Division of Pediatric-Adolescent Gynecology and Reconstructive Surgery, 2nd Department of Obstetrics and Gynecology, University of Athens, Medical School, 'Aretaieion' Hospital, Athens, Greece. Endocrine development
07/2012; 22:160-70. DOI: 10.1159/000331697
Menstrual disorders are very common in adolescence, and can be the cause of a significant amount of stress to both the patients and their parents. Variations of the menstrual cycle in this age are very broad and are mainly caused by the immaturity of the hypothalamic-pituitary-ovarian (HPO) axis. Amenorrhea (either primary or secondary), abnormal uterine bleeding and dysmenorrhea are conditions that require careful evaluation through a stepwise and logical manner. The term primary amenorrhea refers to the condition when menarche fails to occur, while secondary amenorrhea refers to the cessation of menses once they have begun. The occurrence of irregular, prolonged or heavy abnormal uterine bleeding is one of the most urgent gynecological problems in adolescence and the diagnosis of dysfunctional uterine bleeding should be used only when all other organic and structural causes of abnormal vaginal bleeding have been ruled out. Dysmenorrhea refers to painful menstruation and is the most common reason for which a young girl may refer to a gynecologist. It is characterized as primary in the absence of an underlying organic disease, and as secondary when there is evidence of pelvic pathology. Appropriate and early management of the patient is necessary in order to minimize the possibility of future complications regarding woman's reproductive ability.
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- "Dysmenorrhea and menstrual pain are often experienced by women in their ovulatory phase and
may start soon after their first menstrual cycle and persist into their late 40s5, 6). Women experience pain due to consistent and repeated dysmenorrhea. "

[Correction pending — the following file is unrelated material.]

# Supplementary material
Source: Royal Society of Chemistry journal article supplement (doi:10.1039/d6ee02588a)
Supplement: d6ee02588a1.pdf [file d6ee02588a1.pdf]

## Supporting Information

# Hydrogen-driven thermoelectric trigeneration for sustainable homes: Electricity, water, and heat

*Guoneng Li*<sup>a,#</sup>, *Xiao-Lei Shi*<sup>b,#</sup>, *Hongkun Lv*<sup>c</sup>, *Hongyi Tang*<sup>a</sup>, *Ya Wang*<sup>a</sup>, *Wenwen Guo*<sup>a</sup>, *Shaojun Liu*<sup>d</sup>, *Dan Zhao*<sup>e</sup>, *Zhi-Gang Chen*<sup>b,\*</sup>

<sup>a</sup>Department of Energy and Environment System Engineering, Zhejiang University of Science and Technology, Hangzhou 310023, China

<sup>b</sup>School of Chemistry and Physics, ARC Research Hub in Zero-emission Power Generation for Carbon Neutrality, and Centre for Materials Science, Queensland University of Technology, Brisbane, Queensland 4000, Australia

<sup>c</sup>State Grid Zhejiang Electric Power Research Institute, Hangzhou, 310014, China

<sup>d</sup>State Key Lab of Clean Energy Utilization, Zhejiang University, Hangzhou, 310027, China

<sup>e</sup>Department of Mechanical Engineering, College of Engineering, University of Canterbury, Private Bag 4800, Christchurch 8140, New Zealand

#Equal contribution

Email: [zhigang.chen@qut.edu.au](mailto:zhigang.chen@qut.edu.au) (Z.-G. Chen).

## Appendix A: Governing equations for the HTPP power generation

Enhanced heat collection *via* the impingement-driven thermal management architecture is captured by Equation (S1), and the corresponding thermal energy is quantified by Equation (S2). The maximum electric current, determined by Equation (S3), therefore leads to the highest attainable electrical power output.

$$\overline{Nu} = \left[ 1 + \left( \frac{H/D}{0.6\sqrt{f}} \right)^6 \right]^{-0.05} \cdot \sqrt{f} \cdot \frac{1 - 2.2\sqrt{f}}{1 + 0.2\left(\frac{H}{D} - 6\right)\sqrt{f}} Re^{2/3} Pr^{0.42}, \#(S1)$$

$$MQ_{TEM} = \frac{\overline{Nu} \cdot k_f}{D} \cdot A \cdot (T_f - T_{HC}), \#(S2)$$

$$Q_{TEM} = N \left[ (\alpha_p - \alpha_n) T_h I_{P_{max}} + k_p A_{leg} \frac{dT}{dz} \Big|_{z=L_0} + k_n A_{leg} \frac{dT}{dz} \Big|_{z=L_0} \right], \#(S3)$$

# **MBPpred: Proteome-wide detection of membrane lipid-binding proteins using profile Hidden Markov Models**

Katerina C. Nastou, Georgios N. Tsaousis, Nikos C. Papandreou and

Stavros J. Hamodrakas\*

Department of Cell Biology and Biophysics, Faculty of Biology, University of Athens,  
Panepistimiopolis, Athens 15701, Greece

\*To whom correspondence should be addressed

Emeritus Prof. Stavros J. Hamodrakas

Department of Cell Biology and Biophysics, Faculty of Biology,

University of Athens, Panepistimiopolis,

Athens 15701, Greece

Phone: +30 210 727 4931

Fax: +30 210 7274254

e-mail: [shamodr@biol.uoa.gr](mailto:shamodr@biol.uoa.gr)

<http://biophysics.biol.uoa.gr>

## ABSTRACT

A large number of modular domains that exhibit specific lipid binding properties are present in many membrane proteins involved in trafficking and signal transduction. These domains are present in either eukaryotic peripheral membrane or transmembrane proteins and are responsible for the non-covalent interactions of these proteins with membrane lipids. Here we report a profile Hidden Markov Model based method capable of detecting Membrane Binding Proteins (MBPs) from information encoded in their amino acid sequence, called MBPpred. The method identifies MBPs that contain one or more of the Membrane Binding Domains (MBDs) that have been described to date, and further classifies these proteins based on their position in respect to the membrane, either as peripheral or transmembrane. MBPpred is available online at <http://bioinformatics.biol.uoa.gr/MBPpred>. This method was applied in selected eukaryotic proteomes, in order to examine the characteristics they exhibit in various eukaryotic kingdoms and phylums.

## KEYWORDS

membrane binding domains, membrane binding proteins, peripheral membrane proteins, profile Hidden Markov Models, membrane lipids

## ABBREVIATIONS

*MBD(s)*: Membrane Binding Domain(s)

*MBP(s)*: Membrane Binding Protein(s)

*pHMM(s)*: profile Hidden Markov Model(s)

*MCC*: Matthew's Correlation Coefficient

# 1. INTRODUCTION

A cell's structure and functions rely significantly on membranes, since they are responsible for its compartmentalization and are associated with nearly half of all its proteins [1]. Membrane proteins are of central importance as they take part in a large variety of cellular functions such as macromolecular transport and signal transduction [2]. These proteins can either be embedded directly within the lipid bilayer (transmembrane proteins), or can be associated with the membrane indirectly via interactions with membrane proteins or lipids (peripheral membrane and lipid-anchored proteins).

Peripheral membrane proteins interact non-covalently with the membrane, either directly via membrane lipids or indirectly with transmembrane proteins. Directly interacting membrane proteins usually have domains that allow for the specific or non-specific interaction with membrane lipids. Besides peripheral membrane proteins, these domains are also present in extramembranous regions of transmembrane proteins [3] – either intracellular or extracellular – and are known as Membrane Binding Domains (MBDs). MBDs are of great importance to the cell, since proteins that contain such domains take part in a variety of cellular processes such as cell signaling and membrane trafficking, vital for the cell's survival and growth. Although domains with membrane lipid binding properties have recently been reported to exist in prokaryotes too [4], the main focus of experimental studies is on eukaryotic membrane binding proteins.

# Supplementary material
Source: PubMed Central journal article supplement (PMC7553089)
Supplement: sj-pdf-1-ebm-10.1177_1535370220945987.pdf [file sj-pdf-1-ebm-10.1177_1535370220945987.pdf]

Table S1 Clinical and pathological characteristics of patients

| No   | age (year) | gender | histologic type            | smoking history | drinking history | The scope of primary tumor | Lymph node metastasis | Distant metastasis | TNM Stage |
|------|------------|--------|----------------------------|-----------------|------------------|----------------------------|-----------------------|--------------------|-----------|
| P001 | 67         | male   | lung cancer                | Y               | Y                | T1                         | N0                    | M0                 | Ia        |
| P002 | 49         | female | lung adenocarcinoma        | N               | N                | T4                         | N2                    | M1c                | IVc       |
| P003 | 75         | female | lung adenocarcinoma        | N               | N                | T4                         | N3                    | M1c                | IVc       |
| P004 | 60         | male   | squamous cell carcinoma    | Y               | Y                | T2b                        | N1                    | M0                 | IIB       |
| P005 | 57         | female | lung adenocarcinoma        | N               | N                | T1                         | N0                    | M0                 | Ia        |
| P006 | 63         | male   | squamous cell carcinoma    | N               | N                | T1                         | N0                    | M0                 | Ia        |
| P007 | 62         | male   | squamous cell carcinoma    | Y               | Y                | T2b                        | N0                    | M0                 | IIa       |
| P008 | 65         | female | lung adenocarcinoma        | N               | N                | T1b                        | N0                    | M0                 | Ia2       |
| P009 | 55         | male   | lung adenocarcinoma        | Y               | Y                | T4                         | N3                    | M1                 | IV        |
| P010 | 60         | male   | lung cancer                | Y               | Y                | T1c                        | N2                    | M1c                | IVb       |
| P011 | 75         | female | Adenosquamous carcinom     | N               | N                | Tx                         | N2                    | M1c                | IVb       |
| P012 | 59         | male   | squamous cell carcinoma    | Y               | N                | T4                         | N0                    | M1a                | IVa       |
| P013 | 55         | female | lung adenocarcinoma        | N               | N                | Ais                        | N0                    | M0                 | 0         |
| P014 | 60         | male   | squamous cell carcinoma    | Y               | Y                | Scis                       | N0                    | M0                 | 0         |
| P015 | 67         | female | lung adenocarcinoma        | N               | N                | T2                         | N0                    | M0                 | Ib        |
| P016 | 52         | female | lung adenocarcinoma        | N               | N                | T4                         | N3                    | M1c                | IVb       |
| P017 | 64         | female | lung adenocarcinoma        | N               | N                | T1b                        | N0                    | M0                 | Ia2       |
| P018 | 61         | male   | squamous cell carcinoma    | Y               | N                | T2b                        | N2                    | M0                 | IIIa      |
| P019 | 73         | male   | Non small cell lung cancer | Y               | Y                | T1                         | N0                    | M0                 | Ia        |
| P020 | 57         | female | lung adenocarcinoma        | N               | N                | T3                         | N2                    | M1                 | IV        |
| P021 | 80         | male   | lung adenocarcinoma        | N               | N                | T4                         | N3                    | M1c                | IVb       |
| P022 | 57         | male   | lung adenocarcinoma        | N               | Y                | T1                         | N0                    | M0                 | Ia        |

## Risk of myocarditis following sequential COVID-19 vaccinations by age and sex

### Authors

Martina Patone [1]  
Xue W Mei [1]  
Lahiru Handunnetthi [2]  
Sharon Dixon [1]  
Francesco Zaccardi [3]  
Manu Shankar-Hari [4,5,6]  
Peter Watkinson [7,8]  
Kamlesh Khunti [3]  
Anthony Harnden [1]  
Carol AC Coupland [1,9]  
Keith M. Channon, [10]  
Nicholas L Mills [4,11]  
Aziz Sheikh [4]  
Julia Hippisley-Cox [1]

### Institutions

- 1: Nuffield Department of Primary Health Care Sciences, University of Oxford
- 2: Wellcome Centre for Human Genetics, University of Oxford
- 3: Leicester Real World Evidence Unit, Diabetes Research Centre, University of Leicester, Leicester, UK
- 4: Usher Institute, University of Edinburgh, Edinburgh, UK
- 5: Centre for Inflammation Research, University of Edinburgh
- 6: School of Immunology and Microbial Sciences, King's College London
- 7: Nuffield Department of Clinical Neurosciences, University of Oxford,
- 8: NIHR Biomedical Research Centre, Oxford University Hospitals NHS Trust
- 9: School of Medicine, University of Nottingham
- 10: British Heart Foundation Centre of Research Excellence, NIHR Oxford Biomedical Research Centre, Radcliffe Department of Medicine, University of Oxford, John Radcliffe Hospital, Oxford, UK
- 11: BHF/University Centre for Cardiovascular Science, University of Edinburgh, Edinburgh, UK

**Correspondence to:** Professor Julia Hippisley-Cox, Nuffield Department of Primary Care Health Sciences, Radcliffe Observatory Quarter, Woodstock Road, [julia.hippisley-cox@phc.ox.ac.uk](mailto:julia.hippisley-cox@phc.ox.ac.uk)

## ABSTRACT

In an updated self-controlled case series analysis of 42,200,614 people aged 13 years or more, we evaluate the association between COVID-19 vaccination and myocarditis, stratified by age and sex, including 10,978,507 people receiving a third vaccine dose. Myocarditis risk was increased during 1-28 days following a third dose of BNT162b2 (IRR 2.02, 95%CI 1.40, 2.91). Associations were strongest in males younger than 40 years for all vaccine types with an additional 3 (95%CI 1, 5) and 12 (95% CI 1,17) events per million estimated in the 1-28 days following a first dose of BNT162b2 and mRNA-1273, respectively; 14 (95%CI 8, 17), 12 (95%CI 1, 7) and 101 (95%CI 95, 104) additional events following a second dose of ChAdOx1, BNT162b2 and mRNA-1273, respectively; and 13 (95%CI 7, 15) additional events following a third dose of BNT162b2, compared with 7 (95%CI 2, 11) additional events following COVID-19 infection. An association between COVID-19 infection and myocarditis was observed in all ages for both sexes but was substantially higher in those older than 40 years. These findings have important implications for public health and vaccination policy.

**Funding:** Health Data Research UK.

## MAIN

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ABSTRACT: [Purpose] This study aimed to examine the factors influencing dysmenorrhea among Korean middle school adolescents. [Subjects] The subjects included 572 female students in three different middle schools located in Seoul, South Korea. [Methods] A cross-sectional design was adopted. The measurement tools used included a demographic form and revised Menstrual distress Questionnaire (MDQ). [Results] The analyses showed that the prediction model was significant. The value of the adjusted R(2) was 0.282, which corresponds to an explanatory power of 28.2%. The factor found to have the most influence on dysmenorrhea among Korean middle school adolescents was stress, followed by health status, onset of dysmenorrhea, consecutive days of menstruation, and dietary habits. [Conclusion] Nursing intervention programs for alleviating dysmenorrhea in Korean middle school adolescents are essential in order to reduce their level of stress, improve their perceived health status, and help them to maintain regular dietary habits. Reflecting on the recent trend of female students menstruating at a younger age, public health education courses and counseling programs should offer customized methods for alleviating dysmenorrhea.